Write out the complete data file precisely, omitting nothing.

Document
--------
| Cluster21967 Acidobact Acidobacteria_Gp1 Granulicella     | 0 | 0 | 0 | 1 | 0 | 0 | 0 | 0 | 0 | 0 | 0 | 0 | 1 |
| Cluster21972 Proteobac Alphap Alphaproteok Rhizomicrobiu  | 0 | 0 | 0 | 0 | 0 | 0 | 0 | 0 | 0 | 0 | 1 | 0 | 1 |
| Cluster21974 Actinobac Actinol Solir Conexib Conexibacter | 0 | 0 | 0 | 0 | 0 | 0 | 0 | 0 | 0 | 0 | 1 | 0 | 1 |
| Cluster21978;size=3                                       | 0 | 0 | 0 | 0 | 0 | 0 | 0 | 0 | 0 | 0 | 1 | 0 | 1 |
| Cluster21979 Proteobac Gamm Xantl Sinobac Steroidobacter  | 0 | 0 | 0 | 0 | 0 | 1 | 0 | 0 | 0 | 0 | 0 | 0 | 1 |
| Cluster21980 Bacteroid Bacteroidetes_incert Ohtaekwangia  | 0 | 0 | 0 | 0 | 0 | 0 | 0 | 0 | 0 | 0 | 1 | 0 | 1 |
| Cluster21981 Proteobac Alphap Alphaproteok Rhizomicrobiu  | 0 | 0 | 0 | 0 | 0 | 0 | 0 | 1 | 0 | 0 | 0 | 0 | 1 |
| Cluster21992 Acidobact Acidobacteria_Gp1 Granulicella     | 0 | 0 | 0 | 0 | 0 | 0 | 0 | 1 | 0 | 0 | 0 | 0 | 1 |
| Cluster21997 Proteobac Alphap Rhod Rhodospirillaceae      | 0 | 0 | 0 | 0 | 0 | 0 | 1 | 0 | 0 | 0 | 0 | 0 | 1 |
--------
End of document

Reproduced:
| Cluster21967 Acidobact Acidobacteria_Gp1 Granulicella     | 0 | 0 | 0 | 1 | 0 | 0 | 0 | 0 | 0 | 0 | 0 | 0 | 1 |
| Cluster21972 Proteobac Alphap Alphaproteok Rhizomicrobiu  | 0 | 0 | 0 | 0 | 0 | 0 | 0 | 0 | 0 | 0 | 1 | 0 | 1 |
| Cluster21974 Actinobac Actinol Solir Conexib Conexibacter | 0 | 0 | 0 | 0 | 0 | 0 | 0 | 0 | 0 | 0 | 1 | 0 | 1 |
| Cluster21978;size=3                                       | 0 | 0 | 0 | 0 | 0 | 0 | 0 | 0 | 0 | 0 | 1 | 0 | 1 |
| Cluster21979 Proteobac Gamm Xantl Sinobac Steroidobacter  | 0 | 0 | 0 | 0 | 0 | 1 | 0 | 0 | 0 | 0 | 0 | 0 | 1 |
| Cluster21980 Bacteroid Bacteroidetes_incert Ohtaekwangia  | 0 | 0 | 0 | 0 | 0 | 0 | 0 | 0 | 0 | 0 | 1 | 0 | 1 |
| Cluster21981 Proteobac Alphap Alphaproteok Rhizomicrobiu  | 0 | 0 | 0 | 0 | 0 | 0 | 0 | 1 | 0 | 0 | 0 | 0 | 1 |
| Cluster21992 Acidobact Acidobacteria_Gp1 Granulicella     | 0 | 0 | 0 | 0 | 0 | 0 | 0 | 1 | 0 | 0 | 0 | 0 | 1 |
| Cluster21997 Proteobac Alphap Rhod Rhodospirillaceae      | 0 | 0 | 0 | 0 | 0 | 0 | 1 | 0 | 0 | 0 | 0 | 0 | 1 |